Imagine an air traffic control tower without anyone inside. The Air Force and Navy are preparing to test out "remote control tower" technology, allowing one person to monitor air space from hundreds of miles away.

Twenty-four hours a day, seven days a week, eyes are kept to the sky and on radar at Tinker Air Force Base. Air traffic controllers manage fleet on the ground and up above. The remote tower technology could be the next big thing.

Edgar Wright, who leads the Flight Standards Agency for the Air Force, said, “Remote tower technology is not really new to the industry. It has actually been used for the last eight to ten years.”

Here’s how it works. An array of cameras sit high above an airfield, feeding into a control room full of monitors, possibly hundreds of miles away. It’s a view almost like you’re looking out a window.

The Air Force will oversee the $8 million project that is already scheduled for Homestead Air Reserve Base in Florida.

Liliana Urrego, Air Field Operations Requirements Manager, said, “We will have the capability to tag aircraft that might be too small to see to the human eye.”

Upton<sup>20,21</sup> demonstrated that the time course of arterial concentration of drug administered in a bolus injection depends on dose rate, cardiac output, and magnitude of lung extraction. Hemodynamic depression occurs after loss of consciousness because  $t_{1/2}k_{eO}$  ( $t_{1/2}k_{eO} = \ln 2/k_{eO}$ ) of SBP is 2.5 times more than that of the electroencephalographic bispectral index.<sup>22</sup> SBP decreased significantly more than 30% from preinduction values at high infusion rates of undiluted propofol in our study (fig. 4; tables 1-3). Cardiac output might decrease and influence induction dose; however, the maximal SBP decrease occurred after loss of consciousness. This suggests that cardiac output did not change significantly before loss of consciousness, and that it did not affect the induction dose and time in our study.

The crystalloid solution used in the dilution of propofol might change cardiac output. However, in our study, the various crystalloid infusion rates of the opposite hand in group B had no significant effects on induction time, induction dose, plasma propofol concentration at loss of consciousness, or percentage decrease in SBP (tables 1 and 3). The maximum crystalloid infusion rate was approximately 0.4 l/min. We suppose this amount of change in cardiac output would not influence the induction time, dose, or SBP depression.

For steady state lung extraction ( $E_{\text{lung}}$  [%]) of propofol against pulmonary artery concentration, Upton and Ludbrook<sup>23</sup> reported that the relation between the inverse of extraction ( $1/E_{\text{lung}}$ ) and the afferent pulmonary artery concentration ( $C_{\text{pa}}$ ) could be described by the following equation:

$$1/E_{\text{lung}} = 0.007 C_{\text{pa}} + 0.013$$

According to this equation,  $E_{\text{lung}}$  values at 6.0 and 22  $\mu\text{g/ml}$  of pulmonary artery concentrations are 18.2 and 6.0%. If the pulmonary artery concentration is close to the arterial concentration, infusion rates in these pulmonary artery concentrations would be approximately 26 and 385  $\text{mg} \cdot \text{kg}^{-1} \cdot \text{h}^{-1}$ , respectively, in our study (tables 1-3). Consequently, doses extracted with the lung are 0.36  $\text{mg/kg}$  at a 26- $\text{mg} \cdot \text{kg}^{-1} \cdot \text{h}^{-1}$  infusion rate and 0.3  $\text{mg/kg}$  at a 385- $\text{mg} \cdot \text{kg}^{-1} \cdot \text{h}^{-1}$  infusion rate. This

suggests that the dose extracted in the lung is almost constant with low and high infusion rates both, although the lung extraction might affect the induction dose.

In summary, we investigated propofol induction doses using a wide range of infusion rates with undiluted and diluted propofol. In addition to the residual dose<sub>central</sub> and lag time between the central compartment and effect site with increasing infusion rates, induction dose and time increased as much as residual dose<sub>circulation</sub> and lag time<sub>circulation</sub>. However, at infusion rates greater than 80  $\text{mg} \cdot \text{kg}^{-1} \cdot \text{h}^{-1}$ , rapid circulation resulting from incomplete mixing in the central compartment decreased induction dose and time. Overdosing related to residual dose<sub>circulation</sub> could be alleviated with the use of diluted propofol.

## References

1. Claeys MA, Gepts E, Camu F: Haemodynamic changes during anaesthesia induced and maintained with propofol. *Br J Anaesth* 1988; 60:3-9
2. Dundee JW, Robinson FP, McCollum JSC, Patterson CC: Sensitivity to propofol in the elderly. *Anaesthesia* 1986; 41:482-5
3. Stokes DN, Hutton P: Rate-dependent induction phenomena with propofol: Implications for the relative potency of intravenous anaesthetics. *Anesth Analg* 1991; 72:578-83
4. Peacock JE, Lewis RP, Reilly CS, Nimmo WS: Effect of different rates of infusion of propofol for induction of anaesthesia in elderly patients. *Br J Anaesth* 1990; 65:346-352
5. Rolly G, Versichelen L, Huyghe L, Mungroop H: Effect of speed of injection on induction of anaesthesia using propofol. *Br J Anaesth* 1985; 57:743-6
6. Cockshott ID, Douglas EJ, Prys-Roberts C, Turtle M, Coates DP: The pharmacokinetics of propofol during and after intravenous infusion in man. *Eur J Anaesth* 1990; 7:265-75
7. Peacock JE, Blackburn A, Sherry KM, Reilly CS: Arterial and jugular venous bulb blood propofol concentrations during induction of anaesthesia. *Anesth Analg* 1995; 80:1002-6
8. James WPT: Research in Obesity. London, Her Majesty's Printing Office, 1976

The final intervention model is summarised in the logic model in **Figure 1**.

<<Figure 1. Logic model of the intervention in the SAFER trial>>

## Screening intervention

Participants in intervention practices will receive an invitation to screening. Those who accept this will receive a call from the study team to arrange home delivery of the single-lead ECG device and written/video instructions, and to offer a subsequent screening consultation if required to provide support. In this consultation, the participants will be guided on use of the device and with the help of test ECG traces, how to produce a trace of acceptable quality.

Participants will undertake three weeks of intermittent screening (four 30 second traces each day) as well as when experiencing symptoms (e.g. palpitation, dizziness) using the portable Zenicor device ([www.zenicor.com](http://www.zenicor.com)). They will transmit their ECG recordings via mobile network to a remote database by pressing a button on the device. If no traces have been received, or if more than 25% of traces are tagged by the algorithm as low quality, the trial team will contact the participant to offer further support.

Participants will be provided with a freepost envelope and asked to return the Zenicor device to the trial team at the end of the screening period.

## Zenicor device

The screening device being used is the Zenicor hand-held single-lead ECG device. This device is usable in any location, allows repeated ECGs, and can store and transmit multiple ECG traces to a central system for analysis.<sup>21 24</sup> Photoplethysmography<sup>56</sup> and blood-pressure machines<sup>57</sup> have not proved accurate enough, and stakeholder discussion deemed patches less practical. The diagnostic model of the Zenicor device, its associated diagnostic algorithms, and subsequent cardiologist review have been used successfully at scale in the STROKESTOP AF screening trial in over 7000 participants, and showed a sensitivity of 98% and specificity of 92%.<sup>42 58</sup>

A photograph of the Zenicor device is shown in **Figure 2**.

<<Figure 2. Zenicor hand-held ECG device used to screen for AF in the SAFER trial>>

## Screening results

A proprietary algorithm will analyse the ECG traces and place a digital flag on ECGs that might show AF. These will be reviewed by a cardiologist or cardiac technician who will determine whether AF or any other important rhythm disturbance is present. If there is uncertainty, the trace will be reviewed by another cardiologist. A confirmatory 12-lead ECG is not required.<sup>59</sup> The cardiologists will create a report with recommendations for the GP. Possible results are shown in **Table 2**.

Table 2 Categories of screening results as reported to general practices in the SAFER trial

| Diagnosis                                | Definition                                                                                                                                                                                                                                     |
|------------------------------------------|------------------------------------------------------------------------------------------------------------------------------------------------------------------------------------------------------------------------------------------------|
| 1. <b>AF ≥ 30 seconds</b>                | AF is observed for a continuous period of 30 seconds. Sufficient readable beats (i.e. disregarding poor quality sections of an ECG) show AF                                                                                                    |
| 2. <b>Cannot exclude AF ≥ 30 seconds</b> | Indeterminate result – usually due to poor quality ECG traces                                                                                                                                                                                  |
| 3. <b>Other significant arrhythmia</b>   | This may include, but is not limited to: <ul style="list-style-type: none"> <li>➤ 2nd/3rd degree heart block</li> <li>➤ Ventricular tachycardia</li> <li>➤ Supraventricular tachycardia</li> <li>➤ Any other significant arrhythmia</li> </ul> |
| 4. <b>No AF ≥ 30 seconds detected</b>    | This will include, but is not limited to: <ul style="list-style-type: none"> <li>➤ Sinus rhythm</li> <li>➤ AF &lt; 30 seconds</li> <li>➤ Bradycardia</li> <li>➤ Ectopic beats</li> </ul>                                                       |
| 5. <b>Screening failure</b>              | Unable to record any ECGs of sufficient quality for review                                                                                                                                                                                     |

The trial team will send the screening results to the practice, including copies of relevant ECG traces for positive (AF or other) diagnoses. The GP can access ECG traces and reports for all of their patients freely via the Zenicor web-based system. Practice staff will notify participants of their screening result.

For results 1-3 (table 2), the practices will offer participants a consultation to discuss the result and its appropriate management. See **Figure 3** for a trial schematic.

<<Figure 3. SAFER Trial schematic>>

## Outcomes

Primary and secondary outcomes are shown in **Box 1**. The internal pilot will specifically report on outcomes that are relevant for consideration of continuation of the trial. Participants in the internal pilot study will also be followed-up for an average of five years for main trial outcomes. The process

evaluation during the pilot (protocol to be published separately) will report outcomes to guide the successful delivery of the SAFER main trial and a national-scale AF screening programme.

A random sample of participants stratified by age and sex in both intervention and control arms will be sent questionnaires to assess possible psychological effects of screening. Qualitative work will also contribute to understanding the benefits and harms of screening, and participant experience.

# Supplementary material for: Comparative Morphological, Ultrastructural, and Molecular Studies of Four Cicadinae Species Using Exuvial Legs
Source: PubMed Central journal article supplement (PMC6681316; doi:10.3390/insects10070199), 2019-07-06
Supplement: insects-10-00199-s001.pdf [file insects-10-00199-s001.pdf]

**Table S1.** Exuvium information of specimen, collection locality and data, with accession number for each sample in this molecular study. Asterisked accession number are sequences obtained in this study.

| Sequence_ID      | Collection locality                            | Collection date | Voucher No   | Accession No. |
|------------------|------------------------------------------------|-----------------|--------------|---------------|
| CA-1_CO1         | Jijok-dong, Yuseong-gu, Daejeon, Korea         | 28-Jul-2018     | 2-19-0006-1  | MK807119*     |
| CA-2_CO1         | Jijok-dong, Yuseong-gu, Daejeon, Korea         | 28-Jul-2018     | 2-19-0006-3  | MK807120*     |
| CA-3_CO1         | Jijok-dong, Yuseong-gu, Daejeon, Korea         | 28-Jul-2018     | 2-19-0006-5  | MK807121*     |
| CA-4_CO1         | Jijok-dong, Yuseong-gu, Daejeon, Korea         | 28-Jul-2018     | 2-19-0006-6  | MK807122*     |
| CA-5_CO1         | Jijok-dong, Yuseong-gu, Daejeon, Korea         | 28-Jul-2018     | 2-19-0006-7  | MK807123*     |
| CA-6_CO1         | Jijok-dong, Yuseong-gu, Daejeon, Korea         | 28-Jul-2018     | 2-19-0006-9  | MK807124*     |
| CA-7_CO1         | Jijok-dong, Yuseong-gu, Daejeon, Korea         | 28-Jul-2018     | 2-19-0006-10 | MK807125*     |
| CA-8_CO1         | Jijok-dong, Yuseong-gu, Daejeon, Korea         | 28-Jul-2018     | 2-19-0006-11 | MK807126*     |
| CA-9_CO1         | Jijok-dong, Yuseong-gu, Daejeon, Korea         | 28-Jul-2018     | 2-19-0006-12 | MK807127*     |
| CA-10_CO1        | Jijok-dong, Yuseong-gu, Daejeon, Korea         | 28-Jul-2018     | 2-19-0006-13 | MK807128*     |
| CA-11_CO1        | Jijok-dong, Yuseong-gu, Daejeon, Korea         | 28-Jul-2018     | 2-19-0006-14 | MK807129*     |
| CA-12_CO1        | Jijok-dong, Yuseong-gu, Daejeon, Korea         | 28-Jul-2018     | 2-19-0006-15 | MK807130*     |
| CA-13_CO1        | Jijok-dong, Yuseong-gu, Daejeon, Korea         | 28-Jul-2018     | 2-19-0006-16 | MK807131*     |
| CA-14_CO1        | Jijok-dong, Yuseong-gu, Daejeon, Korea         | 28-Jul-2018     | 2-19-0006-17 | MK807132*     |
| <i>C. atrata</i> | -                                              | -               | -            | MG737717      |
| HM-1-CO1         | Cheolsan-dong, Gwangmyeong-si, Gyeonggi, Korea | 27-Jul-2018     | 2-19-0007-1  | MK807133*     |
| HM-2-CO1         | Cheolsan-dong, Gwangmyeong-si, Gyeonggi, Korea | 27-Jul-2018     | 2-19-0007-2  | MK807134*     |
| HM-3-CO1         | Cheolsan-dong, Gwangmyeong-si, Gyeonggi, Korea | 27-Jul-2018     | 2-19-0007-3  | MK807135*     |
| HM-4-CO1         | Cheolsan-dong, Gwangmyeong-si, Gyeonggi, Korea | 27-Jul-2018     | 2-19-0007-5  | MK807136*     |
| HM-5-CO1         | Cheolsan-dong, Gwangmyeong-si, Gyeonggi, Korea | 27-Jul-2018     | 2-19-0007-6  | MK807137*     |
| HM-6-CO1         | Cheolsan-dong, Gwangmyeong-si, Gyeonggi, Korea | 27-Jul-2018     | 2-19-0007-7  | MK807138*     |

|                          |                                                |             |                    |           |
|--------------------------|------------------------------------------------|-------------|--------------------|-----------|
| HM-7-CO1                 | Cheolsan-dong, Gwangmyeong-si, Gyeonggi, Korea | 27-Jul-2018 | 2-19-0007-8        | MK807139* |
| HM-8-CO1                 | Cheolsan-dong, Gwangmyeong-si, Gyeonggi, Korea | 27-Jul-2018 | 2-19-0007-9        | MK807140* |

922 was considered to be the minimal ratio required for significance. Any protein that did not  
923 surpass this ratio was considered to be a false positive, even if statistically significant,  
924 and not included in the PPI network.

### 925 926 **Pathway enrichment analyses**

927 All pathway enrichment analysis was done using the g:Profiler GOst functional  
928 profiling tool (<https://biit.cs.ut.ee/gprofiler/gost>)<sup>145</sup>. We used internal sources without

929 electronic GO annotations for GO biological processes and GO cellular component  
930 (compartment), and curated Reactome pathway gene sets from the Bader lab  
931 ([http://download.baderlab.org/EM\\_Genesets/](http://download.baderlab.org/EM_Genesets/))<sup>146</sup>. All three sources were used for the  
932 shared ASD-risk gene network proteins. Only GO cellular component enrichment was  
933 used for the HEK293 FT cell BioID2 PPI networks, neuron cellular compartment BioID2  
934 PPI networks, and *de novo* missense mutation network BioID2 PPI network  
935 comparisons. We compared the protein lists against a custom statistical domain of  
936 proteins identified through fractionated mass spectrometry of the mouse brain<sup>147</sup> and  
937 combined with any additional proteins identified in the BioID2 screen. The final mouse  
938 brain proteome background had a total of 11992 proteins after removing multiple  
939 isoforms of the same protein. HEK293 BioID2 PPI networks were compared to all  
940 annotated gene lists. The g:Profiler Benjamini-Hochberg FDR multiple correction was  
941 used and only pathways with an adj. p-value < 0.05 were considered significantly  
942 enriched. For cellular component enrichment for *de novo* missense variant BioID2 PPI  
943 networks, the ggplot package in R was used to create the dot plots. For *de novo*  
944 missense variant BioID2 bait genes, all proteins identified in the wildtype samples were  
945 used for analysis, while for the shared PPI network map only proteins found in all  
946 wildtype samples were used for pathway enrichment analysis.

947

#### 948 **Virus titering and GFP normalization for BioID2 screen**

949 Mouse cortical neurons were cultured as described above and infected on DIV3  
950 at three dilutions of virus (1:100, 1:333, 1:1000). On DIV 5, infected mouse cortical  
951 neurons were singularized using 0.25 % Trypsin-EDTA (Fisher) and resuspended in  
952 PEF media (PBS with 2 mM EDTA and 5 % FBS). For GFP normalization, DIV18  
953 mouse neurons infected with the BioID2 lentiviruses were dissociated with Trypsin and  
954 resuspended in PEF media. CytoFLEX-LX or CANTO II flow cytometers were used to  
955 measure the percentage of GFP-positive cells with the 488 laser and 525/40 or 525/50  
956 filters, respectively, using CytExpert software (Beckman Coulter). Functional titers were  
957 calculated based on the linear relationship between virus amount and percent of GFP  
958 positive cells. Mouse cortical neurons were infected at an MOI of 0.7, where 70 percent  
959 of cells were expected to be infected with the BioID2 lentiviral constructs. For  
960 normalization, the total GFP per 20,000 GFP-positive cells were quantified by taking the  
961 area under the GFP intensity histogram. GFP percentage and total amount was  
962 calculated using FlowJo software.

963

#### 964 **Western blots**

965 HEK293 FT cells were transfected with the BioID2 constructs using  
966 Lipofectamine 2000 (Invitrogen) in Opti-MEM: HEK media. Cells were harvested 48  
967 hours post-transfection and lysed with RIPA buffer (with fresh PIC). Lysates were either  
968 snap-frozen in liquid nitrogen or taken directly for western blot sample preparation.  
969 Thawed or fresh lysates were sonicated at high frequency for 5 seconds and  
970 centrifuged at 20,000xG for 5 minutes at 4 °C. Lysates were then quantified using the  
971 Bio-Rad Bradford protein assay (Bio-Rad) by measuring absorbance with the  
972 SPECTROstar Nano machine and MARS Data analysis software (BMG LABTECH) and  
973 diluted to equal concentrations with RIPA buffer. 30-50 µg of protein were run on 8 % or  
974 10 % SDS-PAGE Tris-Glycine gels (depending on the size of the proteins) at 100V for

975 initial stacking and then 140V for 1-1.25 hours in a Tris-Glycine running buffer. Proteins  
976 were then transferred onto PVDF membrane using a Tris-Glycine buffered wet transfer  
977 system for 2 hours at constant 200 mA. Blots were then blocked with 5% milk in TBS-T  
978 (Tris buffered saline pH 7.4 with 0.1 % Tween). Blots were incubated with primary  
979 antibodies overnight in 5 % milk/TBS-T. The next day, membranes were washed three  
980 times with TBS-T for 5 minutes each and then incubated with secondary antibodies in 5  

Wright added, “Also, it has infrared capabilities to see any type of activity that may be generating heat like animal life, humans, vehicles that could cause runway intrusions.”

Not only are remote towers cheaper, mobile versions are available. The military plans to test them out.

“Deploying the cameras would be a much smaller airlift footprint, and it would have additional savings in terms of having to transport the system to a remote location,” said Wright.

Safety is a major factor. A system like this could keep air traffic controllers in a military situation, far away from combat.

Wright said, “You have the capability where you could be providing air traffic control tower services to multiple airports from one location.”

While a major purchase is unlikely anytime soon, minds are open to what could be the future of aviation.

“It is very beneficial to both the controllers and to the aircraft to have the capability that actually improves the alertness and the vision of the controllers,” said Wright.

The fixed version of the remote tower technology will begin next March at Homestead Air Reserve Base. Testing for the mobile version begins this month.